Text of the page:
Editor’s Note: This is the first Points interview with authors from the latest issue of ADHS’s journal Social History of Alcohol and Drugs (vol. 35, no. 1; Spring 2021), published by the University of Chicago Press. Today we feature Justin Hubbard, who holds a PhD in the history of medicine from Vanderbilt University. He lives in Philadelphia with his wife and vicious pug. You can see his article here. Contact the University of Chicago Press to subscribe to the journal or request access to this article or any other article from SHAD’s history.
The popularity of drug-sniffing dogs since the 1970s rests on the contributions of a dying technological movement—counterinsurgency science. A comparison of two drug-sniffing dog programs—the Federal Bureau of Narcotics’s detective dog of the 1940s and 1950s, and the Department of Defense’s detector dog of the 1960s and 1970s—documents how federal agents failed to institutionalize drug-sniffing dogs, while Department of Defense researchers succeeded. The disparate outcomes of the two programs illustrate, first, the contingent institutional factors involved in adopting dogs for drug control, and second, the fragile institutional relationships supporting counterinsurgency science and new drug-control strategies after the Vietnam War.
Tell readers a little about yourself
I’m an independent scholar, trained as a medical historian, living in Philadelphia, Pennsylvania. The large chunk of my research has examined the social conditions of health and illness, the political economy of medical technologies, and health-maintenance and knowledge production as problems of governance. I’m currently transitioning from academic history to a career in strategic labor research. In the meantime, I volunteer at Philadelphia’s famous medical history museum, The Mütter, where I’ve created a learning module for some 600 human brain slices cast in plastic.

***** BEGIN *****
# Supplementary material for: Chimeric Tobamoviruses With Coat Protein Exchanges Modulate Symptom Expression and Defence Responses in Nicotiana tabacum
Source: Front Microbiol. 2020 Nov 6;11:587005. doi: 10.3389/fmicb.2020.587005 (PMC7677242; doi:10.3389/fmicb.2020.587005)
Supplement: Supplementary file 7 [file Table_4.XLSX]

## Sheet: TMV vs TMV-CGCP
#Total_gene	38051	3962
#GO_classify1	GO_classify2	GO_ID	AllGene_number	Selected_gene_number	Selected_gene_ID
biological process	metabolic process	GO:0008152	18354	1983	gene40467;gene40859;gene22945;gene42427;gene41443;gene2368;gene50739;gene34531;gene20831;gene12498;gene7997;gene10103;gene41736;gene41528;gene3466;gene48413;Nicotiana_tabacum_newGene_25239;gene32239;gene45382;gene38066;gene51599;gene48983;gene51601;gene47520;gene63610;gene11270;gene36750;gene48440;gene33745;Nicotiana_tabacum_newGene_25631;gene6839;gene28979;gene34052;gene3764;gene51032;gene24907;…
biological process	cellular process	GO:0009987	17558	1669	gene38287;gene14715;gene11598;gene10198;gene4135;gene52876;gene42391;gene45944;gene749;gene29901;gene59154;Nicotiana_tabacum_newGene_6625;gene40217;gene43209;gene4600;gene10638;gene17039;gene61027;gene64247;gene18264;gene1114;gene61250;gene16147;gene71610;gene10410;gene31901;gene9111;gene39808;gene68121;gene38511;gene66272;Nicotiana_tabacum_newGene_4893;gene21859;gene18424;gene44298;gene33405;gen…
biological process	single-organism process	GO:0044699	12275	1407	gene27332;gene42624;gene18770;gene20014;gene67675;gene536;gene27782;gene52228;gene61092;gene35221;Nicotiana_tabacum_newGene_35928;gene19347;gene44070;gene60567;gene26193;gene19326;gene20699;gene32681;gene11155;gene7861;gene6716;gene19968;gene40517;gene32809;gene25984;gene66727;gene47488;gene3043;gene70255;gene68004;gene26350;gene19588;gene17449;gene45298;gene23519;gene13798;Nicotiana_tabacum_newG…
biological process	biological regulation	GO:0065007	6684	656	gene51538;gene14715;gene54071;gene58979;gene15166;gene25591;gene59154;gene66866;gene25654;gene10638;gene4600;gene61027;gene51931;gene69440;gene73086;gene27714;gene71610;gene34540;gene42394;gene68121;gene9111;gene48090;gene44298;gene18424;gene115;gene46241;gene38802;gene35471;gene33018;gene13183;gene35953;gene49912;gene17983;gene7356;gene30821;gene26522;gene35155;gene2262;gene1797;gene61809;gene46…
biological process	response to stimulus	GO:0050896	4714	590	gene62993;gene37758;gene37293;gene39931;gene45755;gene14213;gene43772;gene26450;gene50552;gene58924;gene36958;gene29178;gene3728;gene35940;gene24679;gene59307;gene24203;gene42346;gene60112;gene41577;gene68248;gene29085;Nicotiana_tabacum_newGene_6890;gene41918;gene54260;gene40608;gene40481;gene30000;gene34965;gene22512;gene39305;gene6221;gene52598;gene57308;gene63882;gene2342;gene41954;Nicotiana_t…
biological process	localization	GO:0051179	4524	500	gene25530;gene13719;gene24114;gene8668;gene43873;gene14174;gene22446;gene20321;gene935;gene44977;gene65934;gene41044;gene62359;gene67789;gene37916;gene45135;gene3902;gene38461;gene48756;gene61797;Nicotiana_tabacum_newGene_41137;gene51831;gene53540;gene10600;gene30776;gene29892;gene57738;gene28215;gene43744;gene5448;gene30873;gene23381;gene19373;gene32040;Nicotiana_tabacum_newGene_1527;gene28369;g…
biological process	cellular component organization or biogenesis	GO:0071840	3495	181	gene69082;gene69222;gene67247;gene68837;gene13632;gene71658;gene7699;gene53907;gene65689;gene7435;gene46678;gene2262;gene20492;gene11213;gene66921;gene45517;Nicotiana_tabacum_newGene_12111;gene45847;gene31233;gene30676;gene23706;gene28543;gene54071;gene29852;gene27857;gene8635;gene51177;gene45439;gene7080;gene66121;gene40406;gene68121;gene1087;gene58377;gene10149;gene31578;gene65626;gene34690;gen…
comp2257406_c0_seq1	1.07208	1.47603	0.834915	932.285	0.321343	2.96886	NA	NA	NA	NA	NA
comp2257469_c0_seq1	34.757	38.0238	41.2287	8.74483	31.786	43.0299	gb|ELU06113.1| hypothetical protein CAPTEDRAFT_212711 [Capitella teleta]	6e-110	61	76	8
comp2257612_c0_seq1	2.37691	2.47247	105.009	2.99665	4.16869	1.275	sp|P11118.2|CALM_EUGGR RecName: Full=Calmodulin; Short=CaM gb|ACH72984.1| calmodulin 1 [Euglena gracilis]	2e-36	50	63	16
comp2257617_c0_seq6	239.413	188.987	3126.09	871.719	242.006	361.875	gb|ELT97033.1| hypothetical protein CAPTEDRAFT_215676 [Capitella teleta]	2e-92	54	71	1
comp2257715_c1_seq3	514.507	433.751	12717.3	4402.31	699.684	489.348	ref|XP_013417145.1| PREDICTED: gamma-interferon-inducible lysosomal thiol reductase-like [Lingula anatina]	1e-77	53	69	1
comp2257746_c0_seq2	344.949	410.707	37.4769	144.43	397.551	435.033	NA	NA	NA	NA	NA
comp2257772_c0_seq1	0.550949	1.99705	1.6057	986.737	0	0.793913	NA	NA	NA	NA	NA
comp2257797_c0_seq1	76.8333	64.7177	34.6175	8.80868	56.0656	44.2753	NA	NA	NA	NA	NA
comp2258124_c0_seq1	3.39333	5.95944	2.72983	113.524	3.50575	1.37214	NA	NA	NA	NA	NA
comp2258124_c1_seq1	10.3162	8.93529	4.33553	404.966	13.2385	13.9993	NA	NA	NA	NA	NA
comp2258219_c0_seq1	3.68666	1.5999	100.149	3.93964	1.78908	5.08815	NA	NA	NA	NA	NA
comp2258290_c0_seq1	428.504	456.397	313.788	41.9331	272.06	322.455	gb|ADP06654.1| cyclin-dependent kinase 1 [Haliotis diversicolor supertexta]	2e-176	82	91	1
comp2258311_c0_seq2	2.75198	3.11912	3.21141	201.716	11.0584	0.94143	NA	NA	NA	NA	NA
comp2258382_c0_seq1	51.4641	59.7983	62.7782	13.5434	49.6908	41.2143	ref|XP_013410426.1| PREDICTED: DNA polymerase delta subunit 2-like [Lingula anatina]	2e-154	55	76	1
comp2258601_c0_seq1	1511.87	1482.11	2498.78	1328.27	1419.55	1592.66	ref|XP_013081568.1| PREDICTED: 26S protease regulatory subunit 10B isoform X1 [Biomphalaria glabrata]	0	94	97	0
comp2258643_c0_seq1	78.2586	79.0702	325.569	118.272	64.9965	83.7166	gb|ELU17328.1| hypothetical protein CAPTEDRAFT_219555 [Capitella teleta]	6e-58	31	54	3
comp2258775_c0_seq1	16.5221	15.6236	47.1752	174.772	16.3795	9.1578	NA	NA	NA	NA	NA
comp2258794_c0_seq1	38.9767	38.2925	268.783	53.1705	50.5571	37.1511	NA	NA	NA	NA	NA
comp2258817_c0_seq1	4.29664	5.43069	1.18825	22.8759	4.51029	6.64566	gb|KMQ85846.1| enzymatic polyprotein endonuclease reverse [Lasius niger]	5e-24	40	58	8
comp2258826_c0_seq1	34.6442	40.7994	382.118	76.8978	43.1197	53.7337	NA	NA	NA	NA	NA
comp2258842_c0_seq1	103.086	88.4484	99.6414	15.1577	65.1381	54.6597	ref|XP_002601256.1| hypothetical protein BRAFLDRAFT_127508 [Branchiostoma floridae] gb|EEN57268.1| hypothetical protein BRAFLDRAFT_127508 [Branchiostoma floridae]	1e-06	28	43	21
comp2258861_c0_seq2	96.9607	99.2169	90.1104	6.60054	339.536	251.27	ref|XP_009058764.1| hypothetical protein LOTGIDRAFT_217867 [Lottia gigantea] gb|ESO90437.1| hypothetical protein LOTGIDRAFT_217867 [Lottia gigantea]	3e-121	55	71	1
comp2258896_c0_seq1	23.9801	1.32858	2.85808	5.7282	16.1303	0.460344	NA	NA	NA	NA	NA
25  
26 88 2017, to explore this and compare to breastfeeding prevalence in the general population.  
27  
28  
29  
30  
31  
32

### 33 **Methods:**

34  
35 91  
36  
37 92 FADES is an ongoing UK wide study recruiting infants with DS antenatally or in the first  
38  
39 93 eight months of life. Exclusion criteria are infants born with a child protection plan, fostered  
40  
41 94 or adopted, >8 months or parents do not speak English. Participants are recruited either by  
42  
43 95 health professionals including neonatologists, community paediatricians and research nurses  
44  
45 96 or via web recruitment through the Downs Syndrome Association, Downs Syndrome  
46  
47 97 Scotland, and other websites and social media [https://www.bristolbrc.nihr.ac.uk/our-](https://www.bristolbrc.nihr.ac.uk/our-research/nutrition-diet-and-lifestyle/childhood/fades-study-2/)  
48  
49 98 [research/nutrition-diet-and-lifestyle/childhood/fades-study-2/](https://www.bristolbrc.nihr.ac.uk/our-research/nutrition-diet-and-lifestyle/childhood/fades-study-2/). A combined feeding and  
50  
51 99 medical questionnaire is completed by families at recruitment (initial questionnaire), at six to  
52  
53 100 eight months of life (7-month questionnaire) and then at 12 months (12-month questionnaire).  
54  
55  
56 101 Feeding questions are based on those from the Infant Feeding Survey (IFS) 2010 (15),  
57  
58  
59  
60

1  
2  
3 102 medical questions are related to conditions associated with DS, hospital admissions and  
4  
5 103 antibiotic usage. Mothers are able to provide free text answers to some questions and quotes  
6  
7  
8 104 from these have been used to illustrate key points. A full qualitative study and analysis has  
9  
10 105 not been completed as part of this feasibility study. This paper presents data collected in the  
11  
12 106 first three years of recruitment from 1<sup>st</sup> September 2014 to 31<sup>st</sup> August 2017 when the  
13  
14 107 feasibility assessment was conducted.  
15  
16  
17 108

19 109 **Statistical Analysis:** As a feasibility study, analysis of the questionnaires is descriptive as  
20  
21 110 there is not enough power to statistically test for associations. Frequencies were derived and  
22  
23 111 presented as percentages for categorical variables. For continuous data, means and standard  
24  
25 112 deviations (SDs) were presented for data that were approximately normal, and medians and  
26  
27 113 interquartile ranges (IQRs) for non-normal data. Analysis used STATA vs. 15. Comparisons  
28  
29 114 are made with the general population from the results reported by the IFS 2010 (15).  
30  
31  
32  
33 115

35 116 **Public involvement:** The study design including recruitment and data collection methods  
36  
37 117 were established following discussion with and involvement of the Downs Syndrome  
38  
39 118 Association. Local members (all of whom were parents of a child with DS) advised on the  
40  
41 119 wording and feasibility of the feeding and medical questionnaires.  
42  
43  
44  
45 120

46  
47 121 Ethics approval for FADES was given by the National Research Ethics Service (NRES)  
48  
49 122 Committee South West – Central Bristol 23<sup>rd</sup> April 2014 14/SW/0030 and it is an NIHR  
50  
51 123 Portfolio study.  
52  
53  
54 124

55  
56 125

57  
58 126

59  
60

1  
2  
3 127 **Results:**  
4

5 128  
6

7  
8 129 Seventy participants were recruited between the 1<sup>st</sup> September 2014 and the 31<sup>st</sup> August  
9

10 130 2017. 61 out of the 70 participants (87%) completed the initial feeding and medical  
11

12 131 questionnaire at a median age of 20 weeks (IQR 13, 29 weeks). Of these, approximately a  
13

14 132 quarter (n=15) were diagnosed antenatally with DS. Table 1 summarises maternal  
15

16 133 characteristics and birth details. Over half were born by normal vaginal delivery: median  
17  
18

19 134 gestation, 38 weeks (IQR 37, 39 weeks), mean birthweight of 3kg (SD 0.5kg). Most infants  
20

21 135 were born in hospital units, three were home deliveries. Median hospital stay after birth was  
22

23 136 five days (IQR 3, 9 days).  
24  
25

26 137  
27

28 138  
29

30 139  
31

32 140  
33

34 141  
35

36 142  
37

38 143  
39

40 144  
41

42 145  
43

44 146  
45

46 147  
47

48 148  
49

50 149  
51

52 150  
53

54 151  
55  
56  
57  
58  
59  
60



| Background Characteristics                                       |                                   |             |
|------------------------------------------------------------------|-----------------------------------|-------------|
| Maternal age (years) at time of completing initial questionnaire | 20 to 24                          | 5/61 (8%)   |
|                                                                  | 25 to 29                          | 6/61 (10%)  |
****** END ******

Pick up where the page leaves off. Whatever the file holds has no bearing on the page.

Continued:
What got you interested in the history of alcohol or drugs?
I started my PhD program intending to write about health promotion and economic modernization in the urban South—an extension of my MA work. But, while I was preparing my prospectus, I encountered a seemingly perplexing detox program based out of Fort Bragg, North Carolina, called Operation Awareness (see Image 1). I found myself stuck trying to understand how the Army’s largest Post came to host an experimental, residential treatment unit for heroin users, and how it became the first and, for a considerable time, the only place in North Carolina where one could access legal methadone therapy.
Explain your article in a way that your bartender won’t find boring.
Why do we use dogs to search for drugs? The obvious answer is that dogs are equipped with a superior sense of smell that outperforms the best manmade inventions. An historical answer turns this common sense on its head.